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Showing posts from August, 2019

Norfolk - flat?

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There are a few quotes that are associated with Norfolk, the county where I have now lived for more than half my life, and one of them is from a character called Amanda in the Noel Coward play 'Private Lives' from 1930, who says it is "very flat".
Anyone who has cycled through Norfolk can testify that it is far from flat.

Back in 2011, I was the President of the Norfolk Geographical Association, and for my presidential talk (which was also used for after dinner speeches) I created a talk exploring the sense of place that Norfolk has and explored what it means to different people.


Very flat, Norfolk from GeoBlogs
Interestingly, the Royal Geographical Society's Discovering Britain project (which has created walks with accompanying information for many locations around the country) have a walk based around Sheringham which takes that very name: Very flat, Norfolk.

The walk was written by Daniel Evans, a Gap Year scholar of the Royal Geographical Society, who I met wit…

Tokyo - planning for disaster

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A nice piece on Atlas Obscura.

It describes a daily ritual which can be observed (or rather, heard) across Japan, at or around 5pm.

It's the shichouson bousai gyousei musen housou



It’s known as the ‘5pm Chime’ (五時のチャイム) or, more officially (and tellingly), the ‘Municipal Disaster Management Radio Communication Network’ (市町村防災行政無線). That should give you some clue as to what it is for, and why you’ve probably never really understood it. After all, if all you’ve ever heard is eerie chimes or music at dusk, that likely means you’ve not experienced any major disasters (a good thing!)

Officially then, the speaker network is part of a nationwide system set up around most villages, towns and cities to warn residents in the case of emergency – especially disaster warnings for tsunamis and informational broadcasts in response to earthquakes.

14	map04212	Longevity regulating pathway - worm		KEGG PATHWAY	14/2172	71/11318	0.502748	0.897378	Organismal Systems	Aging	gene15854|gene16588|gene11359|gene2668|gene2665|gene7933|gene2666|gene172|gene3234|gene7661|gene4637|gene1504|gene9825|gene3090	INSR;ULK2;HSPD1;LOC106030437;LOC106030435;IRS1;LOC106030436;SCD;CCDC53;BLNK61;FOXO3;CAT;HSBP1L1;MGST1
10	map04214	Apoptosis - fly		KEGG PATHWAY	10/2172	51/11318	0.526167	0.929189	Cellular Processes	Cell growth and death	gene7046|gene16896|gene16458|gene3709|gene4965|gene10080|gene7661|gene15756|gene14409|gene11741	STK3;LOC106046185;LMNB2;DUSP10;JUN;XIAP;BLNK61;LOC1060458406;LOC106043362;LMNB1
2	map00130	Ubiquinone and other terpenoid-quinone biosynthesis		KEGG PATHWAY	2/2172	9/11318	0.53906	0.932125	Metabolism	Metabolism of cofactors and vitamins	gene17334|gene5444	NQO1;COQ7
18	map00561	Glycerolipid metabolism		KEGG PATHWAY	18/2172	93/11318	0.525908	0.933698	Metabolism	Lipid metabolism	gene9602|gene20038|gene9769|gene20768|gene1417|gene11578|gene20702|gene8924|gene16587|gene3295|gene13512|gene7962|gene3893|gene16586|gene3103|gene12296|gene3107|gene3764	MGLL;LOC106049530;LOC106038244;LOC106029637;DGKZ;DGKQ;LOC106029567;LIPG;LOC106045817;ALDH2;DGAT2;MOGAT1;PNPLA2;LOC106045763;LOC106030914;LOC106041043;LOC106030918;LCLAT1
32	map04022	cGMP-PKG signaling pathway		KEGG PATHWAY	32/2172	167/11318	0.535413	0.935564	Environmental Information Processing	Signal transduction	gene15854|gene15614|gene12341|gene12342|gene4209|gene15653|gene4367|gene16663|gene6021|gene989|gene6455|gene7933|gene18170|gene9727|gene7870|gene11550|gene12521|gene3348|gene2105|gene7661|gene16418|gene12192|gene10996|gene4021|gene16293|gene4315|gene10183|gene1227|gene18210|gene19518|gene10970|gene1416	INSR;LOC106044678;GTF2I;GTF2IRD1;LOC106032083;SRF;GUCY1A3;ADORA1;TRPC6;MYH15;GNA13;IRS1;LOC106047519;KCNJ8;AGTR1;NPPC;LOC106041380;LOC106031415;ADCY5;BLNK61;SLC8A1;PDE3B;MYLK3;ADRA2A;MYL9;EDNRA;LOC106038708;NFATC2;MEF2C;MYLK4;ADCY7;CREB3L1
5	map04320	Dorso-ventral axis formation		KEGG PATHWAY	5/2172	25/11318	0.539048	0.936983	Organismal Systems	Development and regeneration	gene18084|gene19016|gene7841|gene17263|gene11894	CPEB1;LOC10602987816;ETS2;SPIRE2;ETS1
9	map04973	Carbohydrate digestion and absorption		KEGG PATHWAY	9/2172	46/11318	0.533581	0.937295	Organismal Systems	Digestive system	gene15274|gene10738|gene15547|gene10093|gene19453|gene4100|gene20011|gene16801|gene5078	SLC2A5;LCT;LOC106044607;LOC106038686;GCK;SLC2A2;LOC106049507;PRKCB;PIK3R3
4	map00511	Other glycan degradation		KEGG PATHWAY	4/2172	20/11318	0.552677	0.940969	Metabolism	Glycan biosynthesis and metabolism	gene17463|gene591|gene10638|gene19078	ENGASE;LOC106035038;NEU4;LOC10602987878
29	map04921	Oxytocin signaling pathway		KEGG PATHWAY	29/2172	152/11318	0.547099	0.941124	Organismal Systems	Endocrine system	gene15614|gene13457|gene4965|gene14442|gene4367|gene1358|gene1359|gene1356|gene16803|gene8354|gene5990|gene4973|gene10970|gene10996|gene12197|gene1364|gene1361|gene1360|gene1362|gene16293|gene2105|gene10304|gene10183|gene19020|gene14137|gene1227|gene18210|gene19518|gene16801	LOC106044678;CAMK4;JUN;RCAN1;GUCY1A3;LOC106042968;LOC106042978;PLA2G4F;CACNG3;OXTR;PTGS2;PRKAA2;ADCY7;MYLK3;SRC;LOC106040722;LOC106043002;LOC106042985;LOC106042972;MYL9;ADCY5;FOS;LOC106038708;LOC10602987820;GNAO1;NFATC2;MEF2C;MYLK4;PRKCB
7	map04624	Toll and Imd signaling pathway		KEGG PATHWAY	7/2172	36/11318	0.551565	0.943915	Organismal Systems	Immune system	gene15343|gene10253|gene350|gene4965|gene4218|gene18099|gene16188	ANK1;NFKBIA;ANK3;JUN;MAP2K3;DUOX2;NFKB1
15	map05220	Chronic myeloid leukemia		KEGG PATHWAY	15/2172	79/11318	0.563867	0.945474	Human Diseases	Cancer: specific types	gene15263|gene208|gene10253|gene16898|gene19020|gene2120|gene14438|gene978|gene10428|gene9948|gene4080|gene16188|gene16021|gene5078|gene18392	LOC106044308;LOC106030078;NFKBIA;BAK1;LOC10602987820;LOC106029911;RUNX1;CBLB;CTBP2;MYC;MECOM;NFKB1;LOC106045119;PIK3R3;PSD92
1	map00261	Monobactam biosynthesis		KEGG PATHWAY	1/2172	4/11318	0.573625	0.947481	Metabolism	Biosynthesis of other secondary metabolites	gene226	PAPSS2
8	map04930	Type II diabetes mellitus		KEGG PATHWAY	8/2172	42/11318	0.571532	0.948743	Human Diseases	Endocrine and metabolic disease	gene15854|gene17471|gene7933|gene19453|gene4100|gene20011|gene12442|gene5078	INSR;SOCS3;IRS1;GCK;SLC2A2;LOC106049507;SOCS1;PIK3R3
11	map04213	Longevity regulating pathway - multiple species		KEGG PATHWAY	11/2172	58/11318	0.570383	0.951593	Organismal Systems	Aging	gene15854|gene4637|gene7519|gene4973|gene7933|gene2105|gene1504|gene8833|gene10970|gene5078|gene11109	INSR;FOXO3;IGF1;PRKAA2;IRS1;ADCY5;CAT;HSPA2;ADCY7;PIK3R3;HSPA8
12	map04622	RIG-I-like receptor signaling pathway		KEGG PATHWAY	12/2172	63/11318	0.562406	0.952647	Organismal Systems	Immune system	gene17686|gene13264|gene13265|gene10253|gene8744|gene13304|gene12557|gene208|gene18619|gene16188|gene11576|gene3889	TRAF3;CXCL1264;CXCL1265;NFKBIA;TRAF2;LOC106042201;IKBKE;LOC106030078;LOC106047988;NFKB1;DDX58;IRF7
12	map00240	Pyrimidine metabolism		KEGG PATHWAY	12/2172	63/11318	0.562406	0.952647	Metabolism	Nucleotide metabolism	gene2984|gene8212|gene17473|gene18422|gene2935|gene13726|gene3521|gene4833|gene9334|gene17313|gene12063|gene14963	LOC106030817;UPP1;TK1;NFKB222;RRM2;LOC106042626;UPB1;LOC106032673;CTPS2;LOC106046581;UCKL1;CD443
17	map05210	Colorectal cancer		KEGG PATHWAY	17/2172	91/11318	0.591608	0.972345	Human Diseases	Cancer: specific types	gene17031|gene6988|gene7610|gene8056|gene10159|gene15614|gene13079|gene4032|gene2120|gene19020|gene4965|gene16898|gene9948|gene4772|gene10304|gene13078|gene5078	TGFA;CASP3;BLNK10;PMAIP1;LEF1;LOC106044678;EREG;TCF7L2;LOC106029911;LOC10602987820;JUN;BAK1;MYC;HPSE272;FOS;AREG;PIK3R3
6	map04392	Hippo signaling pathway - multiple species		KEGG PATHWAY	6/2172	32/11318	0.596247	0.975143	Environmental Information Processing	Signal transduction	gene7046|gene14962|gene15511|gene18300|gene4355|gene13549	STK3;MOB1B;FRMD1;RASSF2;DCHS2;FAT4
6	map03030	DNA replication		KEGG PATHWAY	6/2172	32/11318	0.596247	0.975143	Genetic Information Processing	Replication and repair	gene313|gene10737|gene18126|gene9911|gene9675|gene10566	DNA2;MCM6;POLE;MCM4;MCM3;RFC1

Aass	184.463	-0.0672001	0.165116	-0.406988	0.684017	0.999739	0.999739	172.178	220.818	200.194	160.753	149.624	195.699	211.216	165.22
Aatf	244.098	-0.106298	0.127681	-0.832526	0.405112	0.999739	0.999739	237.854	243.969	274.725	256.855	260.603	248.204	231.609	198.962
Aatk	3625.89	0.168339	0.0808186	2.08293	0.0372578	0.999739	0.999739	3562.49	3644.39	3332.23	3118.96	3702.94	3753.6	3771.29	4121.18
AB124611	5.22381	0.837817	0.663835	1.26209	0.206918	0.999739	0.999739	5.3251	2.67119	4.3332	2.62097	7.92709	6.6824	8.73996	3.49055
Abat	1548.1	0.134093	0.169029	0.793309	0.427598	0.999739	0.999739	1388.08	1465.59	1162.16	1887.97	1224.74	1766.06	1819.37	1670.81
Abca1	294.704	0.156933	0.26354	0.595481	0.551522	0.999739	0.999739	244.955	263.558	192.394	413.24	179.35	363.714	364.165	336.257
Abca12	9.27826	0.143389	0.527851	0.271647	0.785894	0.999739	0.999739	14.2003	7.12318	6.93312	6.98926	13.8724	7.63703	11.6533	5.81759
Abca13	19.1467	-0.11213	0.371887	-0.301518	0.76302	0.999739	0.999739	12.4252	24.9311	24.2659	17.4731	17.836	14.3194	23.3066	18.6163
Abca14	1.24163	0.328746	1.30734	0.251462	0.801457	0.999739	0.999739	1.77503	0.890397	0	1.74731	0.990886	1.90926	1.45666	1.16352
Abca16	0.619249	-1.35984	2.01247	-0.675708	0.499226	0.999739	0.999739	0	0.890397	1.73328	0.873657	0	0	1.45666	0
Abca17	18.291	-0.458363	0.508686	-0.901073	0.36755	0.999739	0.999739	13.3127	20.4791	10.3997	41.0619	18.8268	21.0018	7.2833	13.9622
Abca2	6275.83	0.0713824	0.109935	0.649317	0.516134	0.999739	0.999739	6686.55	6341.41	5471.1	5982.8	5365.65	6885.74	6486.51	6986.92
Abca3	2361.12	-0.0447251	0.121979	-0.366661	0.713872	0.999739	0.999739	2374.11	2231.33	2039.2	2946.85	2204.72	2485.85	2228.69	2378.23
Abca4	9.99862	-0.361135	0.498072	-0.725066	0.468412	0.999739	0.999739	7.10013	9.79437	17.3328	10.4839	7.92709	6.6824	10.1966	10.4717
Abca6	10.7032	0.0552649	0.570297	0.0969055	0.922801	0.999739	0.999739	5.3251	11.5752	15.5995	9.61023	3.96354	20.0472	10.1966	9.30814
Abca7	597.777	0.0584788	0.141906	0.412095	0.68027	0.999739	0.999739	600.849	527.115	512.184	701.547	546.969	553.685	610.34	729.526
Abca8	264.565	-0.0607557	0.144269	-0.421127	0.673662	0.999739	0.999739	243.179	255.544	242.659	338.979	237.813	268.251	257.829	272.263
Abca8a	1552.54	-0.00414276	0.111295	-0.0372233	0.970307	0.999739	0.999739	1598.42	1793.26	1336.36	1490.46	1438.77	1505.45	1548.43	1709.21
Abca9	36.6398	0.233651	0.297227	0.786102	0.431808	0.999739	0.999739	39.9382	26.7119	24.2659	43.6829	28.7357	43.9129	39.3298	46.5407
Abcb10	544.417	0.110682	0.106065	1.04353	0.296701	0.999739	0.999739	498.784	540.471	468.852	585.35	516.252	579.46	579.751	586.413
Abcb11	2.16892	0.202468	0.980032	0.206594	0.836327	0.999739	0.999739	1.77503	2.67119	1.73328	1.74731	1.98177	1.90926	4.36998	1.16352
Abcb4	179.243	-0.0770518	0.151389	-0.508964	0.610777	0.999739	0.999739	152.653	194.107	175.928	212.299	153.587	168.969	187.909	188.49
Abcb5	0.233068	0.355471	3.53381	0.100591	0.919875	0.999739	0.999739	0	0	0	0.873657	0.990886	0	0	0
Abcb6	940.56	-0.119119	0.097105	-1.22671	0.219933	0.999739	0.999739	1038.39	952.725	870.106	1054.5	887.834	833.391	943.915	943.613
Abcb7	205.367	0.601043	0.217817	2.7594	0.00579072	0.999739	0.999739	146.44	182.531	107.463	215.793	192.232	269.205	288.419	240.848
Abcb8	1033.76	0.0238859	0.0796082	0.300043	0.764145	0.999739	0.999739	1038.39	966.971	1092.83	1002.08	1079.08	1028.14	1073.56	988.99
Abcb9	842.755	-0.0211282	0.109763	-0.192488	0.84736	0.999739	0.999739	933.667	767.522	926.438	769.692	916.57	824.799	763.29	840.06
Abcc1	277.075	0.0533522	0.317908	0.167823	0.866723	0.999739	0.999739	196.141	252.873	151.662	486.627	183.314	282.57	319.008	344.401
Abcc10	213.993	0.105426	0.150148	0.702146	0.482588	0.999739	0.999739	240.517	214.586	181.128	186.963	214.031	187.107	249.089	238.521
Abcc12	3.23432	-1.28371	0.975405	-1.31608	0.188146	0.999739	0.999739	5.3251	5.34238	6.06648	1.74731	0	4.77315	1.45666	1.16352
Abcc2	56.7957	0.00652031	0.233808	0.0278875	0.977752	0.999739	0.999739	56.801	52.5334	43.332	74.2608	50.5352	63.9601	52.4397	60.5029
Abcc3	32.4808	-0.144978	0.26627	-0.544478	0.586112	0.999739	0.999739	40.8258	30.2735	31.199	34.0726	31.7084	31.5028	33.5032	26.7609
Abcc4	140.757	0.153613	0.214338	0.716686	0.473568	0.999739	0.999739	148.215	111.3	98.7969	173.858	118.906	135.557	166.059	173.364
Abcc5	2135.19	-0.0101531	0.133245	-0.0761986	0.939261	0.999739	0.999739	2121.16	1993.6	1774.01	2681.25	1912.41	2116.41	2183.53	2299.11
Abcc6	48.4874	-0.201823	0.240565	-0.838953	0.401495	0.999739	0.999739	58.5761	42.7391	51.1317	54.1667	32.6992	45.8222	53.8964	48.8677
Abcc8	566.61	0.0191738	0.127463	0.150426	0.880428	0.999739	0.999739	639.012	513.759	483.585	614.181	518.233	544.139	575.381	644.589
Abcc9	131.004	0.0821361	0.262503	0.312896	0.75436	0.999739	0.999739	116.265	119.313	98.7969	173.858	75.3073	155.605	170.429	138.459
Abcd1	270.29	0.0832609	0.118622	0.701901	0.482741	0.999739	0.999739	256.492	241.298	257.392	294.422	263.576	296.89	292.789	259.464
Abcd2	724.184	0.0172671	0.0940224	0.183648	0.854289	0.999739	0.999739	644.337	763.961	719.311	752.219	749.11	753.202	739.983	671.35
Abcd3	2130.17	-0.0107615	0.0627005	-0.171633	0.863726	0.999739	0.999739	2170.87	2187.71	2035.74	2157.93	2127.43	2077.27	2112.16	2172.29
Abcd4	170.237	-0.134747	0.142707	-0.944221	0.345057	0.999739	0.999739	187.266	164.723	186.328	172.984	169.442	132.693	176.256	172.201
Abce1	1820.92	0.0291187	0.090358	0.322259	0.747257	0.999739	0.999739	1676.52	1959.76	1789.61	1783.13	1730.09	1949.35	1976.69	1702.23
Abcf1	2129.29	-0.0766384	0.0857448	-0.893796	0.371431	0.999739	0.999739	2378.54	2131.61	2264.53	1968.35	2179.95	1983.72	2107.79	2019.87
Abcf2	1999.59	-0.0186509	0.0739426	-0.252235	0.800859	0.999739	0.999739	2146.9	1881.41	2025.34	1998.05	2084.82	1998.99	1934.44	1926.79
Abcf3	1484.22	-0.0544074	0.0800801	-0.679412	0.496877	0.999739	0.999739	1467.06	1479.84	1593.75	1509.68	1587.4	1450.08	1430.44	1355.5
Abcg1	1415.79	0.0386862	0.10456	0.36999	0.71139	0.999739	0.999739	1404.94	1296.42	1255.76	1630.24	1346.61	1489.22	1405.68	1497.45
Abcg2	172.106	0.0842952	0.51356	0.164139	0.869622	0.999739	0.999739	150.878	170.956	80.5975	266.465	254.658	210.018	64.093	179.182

Some systems are also set up to broadcast announcements of severe weather, fire, suspicious persons, dangerous wildlife or simply just public announcem…

Ely

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Ely featured on this Open Country broadcast recently. Thanks to Helen Young for the tipoff.



Earlier this year, Helen Mark visited the Isle of Eels in the heart of the Cambridgeshire Fens for its annual eel day festival. She joins the parade of eels through the streets and takes part in the World Eel Throwing Competition (which thankfully involves no real eels). She also learns about the life cycle of the eel and discovers how this extraordinary fish is intimately bound up with the history and culture of Ely. 

UN CC Accreditation - put your school on the map

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There seems to be a growing consensus now about the importance of teaching climate change in schools.
And from my personal perspective, and Steve Brace of the RGS agrees, it's perhaps the geographers who are best placed to do that within the curriculum.

However, all curriculum subjects could bring their own perspectives to the issue: the scientists exploring the atmosphere, mathematicians exploring the data behind changing temperatures, the English teachers studying appropriate books, and Historians exploring the Little Ice Age and the widespread impacts of previous changes in climate over a short time period.

You may also have other ideas of how your subject can support the teaching of climate change.

Are you on the map of climate change teachers yet?

It may be that the summer is the perfect time to go through the accreditation, or perhaps you prefer to wait until the new school year?
The accreditation involves a range of quizzes, following working through a series of modules on cl…

GA Presidents' blog

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I have spent much of the last four days researching the 1920s and the history of the Geographical Association for the next phase in my major project around my GA Presidency: the creation of a biography of all the presidents since 1893, and associated events. I've also been contacting lots of former Presidents and finding out a whole range of stories and connections to

Check out the project here.

I'm currently in 1927, and the most recent President to be added was Charles Close, who was Director General of the Ordnance Survey.